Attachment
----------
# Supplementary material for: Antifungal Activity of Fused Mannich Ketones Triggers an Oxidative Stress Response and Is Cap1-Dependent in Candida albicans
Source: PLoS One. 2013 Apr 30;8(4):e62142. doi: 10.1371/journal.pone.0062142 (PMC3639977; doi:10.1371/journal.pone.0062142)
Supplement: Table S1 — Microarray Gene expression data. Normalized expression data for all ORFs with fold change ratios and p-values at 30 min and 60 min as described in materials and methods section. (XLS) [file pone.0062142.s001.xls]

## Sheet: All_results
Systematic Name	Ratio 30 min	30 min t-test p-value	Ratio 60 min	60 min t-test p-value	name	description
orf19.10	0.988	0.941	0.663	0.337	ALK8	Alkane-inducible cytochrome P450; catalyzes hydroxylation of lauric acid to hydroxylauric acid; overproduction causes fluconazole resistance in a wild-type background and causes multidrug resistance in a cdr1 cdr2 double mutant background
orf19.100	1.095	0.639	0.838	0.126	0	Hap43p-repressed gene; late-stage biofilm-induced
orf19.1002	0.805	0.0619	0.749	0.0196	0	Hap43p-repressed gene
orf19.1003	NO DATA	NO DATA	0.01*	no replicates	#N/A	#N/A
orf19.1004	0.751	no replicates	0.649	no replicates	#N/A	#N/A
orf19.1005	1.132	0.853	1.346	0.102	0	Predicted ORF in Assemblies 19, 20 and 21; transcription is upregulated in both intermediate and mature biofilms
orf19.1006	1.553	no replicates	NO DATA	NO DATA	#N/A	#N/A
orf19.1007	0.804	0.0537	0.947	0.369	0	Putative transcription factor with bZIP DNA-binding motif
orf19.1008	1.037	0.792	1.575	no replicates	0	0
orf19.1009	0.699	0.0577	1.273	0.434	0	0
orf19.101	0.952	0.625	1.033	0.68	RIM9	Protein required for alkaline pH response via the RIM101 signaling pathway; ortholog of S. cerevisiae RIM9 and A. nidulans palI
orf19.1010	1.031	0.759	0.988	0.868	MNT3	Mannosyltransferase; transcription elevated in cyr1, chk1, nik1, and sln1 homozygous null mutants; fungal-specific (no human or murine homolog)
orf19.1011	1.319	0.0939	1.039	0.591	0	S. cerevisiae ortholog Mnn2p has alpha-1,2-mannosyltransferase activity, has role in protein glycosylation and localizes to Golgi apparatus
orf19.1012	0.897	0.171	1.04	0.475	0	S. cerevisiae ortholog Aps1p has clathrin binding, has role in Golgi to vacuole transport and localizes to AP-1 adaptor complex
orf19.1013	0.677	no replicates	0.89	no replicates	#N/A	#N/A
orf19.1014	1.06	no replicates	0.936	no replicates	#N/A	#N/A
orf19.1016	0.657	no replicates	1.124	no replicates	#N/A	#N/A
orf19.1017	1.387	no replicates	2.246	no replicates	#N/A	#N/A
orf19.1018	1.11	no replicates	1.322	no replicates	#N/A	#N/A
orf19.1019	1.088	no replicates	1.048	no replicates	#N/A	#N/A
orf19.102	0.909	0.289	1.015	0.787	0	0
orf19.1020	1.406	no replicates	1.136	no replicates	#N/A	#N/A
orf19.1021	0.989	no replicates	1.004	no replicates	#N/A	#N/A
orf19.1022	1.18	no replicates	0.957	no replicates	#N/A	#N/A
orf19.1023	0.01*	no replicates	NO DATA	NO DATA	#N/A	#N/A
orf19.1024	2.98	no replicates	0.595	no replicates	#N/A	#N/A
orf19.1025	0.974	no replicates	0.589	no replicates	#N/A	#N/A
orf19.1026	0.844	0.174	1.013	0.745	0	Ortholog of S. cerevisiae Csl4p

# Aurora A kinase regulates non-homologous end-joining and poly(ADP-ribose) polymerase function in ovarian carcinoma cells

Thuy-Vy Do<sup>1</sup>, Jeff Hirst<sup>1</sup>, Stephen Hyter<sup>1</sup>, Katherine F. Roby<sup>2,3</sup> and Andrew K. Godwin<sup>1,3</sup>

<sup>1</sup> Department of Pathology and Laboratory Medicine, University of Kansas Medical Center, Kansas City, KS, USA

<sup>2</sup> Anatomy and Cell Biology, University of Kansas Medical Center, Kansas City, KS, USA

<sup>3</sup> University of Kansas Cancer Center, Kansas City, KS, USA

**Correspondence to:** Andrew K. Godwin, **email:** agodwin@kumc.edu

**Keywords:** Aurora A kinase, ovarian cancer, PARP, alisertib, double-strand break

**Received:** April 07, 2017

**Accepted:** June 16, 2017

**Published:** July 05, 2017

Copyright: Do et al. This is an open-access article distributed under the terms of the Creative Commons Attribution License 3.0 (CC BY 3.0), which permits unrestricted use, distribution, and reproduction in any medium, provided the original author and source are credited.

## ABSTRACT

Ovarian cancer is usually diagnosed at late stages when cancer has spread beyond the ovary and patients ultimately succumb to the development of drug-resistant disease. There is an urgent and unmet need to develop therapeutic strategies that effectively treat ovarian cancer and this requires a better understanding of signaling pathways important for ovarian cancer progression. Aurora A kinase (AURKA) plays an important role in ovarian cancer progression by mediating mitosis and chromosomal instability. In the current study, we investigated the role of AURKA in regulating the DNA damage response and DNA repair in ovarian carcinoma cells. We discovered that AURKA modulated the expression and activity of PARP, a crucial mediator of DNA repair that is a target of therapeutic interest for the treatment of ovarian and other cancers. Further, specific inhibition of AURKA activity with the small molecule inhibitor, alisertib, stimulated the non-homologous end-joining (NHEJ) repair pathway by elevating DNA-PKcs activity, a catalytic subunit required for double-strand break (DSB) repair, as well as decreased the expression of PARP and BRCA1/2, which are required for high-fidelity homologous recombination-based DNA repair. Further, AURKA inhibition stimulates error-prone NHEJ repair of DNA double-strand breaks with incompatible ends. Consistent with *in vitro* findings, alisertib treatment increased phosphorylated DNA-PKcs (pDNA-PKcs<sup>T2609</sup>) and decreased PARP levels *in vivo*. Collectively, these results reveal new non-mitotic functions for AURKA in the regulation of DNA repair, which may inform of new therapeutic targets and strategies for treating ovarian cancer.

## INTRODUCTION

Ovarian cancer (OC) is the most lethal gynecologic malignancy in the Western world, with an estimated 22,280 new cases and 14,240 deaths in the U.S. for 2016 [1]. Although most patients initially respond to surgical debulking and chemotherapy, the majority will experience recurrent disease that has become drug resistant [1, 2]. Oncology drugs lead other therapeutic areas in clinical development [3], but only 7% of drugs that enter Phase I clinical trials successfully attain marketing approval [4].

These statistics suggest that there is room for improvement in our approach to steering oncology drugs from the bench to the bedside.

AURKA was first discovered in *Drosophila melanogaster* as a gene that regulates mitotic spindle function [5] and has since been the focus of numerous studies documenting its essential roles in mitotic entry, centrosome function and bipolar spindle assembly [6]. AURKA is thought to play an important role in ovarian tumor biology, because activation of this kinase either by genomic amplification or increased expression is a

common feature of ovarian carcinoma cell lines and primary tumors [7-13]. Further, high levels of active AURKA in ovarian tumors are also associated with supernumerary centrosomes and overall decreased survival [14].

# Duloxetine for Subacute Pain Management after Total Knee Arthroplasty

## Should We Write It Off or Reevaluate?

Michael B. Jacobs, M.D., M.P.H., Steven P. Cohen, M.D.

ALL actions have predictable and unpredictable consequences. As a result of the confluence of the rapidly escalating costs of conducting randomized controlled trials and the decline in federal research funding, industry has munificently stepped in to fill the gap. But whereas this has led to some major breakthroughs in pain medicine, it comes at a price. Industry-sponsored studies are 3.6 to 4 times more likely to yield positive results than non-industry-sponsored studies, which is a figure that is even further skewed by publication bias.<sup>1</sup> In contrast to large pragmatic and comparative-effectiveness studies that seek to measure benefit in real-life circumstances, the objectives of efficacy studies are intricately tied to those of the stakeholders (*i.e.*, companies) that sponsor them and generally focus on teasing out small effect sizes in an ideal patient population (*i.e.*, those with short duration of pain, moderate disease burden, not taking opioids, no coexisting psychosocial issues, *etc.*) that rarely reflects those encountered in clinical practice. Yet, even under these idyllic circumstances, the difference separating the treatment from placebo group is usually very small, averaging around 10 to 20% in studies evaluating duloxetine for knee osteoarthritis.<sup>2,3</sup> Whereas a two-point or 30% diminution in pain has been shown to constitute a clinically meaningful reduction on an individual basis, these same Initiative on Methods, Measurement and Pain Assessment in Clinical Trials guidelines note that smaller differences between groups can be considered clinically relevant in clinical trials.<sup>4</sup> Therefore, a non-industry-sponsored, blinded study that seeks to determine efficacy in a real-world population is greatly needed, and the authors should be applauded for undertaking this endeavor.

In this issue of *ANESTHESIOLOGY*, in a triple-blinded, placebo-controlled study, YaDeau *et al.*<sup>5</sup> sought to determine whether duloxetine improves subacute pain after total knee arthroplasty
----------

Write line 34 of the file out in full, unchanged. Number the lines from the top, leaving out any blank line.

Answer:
# Aurora A kinase regulates non-homologous end-joining and poly(ADP-ribose) polymerase function in ovarian carcinoma cells